October 16, 2006
For months, the Cleveland Indians haven’t had a prayer of reaching the playoffs.
But that didn’t stop the team from hosting its first Catholic Family Day with a 10:30 a.m. Mass in right field preceding a September afternoon game against the Minnesota Twins. If the prayers were for victory, they didn’t work: The Indians fell to the Twins, 6-1.
The marriage of religion and athletics is nothing new, but with the increasing influence of Christian organizations and action groups, sports teams are realizing religion is big business.
Third Coast Sports is a Christian marketing firm in Nashville, hired by teams to stage the increasingly popular Faith Nights or Faith Days, complete with a Christian music concert and testimonials from local sports figures, as well as occasional giveaways of Bibles or bobblehead figures of such biblical characters as Moses and Noah. While the firm sometimes gets a small percentage of each ticket sold, it makes most of its money by selling sponsorships to organizations trying to tap into the expanding Christian audience.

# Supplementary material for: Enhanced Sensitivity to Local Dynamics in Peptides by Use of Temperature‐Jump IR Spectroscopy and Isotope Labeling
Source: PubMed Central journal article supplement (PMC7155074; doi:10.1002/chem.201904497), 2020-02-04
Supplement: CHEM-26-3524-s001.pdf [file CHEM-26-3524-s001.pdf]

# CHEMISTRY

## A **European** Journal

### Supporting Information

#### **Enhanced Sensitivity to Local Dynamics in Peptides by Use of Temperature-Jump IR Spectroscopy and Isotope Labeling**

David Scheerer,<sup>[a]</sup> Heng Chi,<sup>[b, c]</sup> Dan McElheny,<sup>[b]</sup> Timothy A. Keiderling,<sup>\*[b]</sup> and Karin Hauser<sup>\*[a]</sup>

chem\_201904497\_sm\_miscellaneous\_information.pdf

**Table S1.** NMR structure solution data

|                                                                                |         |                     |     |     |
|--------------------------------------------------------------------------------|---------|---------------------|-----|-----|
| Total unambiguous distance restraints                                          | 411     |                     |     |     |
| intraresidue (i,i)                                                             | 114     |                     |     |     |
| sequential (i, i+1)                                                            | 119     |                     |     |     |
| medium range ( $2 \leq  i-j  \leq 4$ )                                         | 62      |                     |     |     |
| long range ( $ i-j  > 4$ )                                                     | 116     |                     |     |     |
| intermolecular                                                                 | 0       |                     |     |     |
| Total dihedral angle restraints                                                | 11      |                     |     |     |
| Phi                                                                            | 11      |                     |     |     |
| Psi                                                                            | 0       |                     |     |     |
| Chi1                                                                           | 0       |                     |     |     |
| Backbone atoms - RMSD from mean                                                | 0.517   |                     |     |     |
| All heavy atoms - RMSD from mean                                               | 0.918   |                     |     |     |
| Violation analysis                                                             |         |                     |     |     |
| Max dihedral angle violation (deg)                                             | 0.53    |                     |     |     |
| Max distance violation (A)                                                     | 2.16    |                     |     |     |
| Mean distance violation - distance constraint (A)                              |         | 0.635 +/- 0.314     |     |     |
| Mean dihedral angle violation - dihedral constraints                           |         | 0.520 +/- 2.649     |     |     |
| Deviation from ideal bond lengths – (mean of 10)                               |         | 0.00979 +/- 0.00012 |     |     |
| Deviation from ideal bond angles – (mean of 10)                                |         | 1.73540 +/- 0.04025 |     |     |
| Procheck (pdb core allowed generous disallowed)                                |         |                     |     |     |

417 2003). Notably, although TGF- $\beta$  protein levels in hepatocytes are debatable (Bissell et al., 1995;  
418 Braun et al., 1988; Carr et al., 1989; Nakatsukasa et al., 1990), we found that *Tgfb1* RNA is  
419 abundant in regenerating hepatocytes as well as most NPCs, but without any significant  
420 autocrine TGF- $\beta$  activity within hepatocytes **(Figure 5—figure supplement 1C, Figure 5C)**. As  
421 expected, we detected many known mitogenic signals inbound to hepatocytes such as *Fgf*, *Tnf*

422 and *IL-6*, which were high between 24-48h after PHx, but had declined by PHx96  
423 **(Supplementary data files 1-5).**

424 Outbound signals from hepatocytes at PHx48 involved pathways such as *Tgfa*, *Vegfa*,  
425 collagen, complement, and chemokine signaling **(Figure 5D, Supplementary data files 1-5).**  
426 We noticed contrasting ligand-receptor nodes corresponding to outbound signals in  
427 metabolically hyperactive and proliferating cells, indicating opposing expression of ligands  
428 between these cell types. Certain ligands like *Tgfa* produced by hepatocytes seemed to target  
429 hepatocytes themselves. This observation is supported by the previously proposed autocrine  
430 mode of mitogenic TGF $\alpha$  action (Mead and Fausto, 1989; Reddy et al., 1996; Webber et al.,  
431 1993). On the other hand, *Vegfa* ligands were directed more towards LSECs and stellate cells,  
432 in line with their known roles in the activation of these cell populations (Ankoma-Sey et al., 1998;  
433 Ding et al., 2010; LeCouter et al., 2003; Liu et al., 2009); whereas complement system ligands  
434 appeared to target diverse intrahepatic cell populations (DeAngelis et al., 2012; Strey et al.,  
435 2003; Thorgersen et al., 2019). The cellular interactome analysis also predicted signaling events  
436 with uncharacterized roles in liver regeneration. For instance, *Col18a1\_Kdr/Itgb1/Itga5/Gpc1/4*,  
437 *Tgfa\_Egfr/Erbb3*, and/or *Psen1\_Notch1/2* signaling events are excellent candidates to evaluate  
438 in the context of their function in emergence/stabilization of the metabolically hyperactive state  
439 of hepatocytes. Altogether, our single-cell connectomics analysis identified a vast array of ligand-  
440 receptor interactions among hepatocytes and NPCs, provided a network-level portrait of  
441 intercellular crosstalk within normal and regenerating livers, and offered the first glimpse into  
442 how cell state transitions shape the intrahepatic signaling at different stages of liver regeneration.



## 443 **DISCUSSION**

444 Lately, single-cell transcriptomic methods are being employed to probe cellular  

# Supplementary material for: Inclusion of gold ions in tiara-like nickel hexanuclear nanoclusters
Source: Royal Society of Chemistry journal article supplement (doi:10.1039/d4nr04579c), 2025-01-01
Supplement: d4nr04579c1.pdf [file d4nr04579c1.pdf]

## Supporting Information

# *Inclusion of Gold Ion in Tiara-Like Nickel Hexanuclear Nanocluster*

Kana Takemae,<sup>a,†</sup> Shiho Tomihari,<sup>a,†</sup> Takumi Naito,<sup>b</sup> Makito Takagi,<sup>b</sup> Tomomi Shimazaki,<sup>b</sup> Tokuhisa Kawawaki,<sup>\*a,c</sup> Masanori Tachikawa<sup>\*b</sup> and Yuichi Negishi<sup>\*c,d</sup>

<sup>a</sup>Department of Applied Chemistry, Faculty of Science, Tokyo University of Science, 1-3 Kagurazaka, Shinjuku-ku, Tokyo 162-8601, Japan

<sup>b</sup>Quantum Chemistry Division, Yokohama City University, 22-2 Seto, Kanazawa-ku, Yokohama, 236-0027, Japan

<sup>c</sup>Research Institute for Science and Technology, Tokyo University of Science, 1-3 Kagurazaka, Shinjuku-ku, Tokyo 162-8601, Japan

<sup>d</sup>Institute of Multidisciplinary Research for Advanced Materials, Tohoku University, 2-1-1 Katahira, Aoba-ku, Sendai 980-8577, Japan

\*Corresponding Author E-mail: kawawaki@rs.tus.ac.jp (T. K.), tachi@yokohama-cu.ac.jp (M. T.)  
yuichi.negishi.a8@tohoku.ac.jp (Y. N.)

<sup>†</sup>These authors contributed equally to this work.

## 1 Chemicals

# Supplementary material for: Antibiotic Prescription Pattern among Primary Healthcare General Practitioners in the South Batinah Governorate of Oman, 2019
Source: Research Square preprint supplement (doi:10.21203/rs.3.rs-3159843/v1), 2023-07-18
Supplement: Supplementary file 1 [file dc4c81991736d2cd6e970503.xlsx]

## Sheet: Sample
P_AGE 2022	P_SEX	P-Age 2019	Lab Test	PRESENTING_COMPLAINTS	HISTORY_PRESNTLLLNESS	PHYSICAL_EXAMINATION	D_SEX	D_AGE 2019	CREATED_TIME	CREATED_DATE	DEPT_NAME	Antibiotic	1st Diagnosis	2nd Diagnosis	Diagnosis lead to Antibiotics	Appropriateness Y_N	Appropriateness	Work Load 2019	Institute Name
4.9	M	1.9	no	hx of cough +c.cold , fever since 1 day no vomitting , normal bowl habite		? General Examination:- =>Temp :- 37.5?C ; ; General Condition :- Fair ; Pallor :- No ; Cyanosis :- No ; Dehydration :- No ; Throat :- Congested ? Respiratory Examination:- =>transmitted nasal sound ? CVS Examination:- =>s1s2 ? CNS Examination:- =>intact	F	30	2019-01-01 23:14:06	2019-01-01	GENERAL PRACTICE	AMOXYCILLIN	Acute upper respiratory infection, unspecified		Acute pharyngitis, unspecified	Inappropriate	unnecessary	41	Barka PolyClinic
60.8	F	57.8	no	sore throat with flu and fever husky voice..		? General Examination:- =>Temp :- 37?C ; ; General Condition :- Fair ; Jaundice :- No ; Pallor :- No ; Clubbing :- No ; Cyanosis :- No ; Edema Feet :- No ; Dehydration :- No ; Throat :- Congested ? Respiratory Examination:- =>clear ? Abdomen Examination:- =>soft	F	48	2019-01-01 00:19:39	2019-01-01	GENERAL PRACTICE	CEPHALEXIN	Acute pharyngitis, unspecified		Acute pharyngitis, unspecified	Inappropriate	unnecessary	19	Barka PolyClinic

“The current climate has everything to do with the success of our events,” said Brent High, president of Third Coast Sports. “The 2004 presidential election, the success of Christian movies . . . the crossover hits in pop music by Christian bands . . . have made it easier for sports executives to wrap their arms around these events. They see the smart business in aligning themselves with these large, influential groups.”
… The concept started several years ago when High, a deacon, youth minister and Sunday school teacher, was vice president of sales for the minor league Nashville Sounds baseball team. In 2004 and 2005, five of the Sounds’ top 10 crowds were on Faith Nights. High left the Sounds for Third Coast Sports about a year ago and has seen the company’s business almost quadruple. Last year, Third Coast Sports put on 23 events in 10 cities. This year, it hosted 76 events in 44 markets, including Atlanta, where the Braves say attendance increased between 10 and 15 percent, or 3,000 to 4,500 fans, on the first two Faith Days.
The increase pleases High. The attention surprises him.
“The amount of attention is surprising, for sure, as similar events have been going on for a long time,” High said.
“I think the reason these events are attracting so much attention now has to do with the attention we received at the Nashville Sounds in 2004 when we gave away bobblehead dolls of Moses, Samson and Noah.”
Yeah, a bobblehead Moses will do it for me every time.
Sad, just sad.
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